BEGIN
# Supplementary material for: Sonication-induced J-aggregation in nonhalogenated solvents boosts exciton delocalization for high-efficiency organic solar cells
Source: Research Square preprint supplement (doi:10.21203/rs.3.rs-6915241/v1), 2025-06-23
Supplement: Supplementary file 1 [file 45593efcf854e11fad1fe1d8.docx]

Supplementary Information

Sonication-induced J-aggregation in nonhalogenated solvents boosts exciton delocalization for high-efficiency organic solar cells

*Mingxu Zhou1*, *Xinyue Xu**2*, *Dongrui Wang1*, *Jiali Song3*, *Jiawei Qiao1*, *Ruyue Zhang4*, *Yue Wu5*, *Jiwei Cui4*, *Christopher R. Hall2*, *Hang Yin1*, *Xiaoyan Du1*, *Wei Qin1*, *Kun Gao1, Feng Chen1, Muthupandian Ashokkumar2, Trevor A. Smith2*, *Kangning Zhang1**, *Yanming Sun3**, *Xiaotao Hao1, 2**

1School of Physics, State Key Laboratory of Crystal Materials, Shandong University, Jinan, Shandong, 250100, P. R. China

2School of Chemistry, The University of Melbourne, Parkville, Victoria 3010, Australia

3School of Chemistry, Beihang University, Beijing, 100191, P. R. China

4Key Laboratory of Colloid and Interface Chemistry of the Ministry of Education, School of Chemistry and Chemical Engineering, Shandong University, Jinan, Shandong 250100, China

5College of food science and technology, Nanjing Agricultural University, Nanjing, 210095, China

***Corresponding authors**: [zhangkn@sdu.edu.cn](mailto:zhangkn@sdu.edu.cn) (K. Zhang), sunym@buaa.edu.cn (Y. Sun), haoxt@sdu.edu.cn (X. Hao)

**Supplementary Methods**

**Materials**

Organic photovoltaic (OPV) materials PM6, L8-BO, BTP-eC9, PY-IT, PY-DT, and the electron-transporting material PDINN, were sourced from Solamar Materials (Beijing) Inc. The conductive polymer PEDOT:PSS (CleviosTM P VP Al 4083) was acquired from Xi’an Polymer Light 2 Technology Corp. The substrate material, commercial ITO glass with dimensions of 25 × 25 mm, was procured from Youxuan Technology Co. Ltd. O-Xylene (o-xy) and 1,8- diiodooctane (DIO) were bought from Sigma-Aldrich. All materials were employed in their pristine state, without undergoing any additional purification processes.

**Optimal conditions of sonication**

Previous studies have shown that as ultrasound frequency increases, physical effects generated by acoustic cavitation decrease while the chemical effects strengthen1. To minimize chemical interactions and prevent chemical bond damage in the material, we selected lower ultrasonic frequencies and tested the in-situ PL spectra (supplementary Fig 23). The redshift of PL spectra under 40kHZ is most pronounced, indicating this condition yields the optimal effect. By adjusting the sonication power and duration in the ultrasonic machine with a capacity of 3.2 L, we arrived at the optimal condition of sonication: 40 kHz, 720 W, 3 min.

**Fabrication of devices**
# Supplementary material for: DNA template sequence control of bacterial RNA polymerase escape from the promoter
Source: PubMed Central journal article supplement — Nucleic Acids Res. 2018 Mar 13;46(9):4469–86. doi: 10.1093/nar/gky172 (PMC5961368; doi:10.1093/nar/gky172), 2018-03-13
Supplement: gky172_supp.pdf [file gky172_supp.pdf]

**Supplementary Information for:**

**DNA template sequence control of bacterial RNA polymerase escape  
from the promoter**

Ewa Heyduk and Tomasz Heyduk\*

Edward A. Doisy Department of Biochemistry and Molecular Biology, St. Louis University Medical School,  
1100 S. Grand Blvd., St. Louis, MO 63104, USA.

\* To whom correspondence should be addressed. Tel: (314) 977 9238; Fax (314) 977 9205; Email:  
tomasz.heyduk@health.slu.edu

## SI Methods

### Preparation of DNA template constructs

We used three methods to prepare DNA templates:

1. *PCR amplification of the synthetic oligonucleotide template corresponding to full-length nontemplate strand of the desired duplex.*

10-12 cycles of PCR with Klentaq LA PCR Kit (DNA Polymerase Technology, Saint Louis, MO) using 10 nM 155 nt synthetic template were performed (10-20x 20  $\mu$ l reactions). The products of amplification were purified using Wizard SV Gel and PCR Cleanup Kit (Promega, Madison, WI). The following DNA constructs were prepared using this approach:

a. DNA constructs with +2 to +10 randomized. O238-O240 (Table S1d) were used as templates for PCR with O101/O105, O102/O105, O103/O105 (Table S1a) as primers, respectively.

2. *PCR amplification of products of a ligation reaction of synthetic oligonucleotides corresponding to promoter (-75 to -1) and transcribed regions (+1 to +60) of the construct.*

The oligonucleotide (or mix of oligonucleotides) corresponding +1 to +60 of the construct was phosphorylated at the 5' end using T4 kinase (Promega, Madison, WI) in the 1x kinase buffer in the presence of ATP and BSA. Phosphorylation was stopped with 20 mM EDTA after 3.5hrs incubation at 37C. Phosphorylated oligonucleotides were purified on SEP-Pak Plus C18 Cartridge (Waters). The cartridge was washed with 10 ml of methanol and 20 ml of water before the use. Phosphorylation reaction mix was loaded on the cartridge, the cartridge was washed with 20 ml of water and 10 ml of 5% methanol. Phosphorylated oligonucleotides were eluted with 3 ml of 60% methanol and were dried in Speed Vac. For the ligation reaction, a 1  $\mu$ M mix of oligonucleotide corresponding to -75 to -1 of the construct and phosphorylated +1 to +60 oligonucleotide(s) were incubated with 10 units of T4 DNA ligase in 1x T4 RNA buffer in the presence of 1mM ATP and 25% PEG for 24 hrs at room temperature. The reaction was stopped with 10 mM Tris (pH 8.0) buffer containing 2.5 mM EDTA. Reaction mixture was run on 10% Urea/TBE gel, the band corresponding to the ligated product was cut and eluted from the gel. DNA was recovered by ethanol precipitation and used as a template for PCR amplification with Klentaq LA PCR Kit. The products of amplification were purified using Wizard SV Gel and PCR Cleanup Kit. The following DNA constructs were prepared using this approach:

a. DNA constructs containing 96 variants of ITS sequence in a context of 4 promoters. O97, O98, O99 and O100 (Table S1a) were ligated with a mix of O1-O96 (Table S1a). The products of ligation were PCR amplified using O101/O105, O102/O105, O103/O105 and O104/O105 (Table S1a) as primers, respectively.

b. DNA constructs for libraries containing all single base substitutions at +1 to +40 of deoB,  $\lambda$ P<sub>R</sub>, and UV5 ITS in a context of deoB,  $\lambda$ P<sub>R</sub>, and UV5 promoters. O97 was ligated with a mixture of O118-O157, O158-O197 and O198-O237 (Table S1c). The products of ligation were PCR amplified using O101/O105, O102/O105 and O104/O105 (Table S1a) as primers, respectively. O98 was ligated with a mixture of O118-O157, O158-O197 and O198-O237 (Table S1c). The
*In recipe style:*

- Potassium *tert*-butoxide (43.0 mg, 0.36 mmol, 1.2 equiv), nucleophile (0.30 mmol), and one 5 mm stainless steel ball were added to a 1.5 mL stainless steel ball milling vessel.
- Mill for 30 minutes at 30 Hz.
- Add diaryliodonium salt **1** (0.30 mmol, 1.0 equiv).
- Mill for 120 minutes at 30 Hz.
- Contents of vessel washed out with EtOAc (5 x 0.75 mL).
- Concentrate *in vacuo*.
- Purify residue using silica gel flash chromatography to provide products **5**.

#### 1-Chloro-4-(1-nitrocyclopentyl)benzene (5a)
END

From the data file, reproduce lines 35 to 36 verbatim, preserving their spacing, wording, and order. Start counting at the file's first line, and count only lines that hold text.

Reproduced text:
a. DNA constructs with +2 to +10 randomized. O238-O240 (Table S1d) were used as templates for PCR with O101/O105, O102/O105, O103/O105 (Table S1a) as primers, respectively.

2. *PCR amplification of products of a ligation reaction of synthetic oligonucleotides corresponding to promoter (-75 to -1) and transcribed regions (+1 to +60) of the construct.*